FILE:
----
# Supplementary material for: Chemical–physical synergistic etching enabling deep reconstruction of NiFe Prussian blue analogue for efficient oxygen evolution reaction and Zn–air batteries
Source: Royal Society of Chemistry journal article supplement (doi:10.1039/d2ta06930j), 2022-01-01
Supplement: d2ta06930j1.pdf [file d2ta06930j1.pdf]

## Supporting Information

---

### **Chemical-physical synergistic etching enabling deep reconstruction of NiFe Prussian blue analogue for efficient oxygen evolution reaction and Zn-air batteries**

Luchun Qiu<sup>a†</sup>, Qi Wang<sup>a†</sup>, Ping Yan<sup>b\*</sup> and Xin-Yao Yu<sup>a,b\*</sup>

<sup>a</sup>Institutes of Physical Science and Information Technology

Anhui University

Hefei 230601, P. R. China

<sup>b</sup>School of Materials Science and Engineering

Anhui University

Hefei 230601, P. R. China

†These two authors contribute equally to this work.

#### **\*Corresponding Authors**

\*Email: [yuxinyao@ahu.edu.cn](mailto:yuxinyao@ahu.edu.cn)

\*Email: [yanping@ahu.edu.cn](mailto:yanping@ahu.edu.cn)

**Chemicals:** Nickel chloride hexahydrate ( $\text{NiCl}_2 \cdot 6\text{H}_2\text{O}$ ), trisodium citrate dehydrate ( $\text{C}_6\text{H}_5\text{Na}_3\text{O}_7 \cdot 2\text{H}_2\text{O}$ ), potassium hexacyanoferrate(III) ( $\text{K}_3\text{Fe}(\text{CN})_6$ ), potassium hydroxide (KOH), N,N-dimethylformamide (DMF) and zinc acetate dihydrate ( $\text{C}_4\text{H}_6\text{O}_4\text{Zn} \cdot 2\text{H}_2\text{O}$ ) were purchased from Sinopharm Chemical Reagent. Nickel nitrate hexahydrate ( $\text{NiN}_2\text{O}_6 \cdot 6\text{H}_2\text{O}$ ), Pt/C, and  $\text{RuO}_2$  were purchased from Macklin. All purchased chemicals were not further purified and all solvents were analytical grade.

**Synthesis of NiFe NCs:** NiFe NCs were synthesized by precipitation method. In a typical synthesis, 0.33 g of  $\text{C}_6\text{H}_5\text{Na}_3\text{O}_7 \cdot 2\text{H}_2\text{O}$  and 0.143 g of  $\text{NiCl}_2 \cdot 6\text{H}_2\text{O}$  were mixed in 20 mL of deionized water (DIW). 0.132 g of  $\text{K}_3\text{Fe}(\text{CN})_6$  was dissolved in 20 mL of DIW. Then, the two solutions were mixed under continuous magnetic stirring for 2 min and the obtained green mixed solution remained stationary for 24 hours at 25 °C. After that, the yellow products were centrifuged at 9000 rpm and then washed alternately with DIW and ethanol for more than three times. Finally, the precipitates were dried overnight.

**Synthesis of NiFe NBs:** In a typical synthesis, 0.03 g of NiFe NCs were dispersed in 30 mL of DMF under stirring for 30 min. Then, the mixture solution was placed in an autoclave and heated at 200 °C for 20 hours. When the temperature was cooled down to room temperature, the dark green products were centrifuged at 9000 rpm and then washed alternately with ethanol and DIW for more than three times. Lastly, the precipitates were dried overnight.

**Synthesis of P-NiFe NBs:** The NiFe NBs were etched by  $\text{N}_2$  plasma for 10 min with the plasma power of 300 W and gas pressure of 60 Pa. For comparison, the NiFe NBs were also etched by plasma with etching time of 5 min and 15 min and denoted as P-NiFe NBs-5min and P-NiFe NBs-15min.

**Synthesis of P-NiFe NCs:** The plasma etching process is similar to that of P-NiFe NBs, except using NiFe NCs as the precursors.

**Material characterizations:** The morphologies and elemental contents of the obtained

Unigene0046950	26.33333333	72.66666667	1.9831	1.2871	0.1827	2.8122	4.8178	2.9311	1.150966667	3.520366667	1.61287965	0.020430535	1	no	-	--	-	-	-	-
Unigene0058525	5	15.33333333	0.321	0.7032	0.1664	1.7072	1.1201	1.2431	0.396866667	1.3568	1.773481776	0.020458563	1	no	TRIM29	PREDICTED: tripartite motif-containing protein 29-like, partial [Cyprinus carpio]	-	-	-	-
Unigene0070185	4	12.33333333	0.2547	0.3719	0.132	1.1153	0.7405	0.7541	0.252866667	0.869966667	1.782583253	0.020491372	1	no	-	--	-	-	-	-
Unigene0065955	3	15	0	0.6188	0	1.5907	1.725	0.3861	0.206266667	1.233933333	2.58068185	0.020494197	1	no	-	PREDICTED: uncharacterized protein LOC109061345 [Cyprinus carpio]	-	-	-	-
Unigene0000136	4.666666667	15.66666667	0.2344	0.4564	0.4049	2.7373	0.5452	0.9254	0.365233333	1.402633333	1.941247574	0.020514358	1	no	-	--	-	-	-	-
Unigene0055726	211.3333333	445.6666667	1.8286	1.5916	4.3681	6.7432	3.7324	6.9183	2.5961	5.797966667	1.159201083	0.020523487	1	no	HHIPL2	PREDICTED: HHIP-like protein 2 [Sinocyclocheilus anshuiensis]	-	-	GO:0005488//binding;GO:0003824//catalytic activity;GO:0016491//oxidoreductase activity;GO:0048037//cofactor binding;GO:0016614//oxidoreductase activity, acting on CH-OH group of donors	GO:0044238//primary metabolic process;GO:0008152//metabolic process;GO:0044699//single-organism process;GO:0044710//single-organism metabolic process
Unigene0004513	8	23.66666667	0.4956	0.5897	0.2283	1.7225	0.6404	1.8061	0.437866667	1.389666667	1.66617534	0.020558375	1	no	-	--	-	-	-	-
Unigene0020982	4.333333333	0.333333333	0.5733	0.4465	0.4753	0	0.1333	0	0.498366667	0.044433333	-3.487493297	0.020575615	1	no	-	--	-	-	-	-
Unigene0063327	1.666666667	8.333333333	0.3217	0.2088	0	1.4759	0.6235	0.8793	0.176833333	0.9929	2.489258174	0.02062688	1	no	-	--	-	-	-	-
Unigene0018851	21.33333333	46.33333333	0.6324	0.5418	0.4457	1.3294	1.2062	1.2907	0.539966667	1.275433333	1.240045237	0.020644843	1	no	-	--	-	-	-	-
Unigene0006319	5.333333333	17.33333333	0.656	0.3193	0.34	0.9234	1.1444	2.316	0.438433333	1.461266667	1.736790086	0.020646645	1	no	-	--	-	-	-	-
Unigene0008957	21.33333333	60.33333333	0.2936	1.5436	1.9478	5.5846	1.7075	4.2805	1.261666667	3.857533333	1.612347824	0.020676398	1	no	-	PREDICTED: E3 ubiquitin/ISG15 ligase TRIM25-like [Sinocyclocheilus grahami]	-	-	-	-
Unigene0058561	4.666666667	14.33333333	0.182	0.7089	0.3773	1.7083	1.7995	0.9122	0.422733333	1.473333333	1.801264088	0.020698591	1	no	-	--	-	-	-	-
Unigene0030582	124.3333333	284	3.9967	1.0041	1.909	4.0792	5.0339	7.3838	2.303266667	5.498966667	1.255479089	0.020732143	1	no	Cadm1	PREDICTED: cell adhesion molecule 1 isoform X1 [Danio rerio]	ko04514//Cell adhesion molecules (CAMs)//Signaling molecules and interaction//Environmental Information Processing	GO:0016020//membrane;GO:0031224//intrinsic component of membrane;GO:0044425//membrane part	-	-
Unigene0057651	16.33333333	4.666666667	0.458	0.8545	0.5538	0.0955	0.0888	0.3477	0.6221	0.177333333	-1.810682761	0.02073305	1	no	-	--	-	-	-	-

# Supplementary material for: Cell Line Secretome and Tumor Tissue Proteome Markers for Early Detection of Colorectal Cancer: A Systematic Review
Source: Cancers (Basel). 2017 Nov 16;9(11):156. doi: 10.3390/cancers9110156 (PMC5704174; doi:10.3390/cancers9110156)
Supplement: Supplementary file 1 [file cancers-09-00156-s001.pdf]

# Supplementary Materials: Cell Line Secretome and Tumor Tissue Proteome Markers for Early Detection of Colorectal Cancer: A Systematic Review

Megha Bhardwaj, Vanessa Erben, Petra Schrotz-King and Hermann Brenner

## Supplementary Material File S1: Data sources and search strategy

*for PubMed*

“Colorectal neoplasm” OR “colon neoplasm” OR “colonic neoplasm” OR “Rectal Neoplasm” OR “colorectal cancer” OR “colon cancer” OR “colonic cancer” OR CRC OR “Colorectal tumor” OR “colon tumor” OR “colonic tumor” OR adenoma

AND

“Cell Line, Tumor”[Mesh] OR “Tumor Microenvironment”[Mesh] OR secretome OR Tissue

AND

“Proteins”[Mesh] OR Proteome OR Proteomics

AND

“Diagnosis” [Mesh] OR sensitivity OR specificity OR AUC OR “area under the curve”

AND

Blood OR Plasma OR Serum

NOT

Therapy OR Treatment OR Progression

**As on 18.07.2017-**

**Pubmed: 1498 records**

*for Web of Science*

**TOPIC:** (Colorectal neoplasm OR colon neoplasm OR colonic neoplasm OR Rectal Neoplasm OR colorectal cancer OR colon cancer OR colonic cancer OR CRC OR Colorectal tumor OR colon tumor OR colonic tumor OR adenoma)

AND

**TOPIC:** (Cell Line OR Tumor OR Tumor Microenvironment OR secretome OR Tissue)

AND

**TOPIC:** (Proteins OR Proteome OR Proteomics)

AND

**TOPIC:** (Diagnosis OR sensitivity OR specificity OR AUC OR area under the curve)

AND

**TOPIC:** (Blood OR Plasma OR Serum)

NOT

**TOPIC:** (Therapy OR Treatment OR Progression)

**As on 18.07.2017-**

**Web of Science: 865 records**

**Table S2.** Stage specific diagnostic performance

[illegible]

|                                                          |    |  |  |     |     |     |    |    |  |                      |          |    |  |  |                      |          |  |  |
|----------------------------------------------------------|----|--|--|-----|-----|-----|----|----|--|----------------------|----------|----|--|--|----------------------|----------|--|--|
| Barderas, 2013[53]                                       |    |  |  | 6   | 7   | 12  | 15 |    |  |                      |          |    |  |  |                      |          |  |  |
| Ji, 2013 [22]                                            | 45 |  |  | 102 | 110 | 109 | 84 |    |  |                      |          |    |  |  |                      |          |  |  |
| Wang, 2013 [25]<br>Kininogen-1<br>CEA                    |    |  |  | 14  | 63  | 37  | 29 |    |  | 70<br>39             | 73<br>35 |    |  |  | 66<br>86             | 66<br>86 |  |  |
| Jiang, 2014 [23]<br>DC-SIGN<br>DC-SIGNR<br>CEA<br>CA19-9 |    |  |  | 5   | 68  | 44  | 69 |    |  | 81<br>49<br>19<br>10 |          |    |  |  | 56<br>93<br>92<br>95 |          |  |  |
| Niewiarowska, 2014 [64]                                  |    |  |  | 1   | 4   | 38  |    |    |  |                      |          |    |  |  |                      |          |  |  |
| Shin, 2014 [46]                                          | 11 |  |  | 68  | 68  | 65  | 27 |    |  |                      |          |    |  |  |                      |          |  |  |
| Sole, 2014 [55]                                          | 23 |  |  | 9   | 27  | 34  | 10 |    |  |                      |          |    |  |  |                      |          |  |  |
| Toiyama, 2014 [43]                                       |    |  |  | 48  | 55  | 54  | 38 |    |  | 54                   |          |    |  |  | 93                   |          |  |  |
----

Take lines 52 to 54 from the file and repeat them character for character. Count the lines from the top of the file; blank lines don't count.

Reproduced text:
“Diagnosis” [Mesh] OR sensitivity OR specificity OR AUC OR “area under the curve”

AND

Blood OR Plasma OR Serum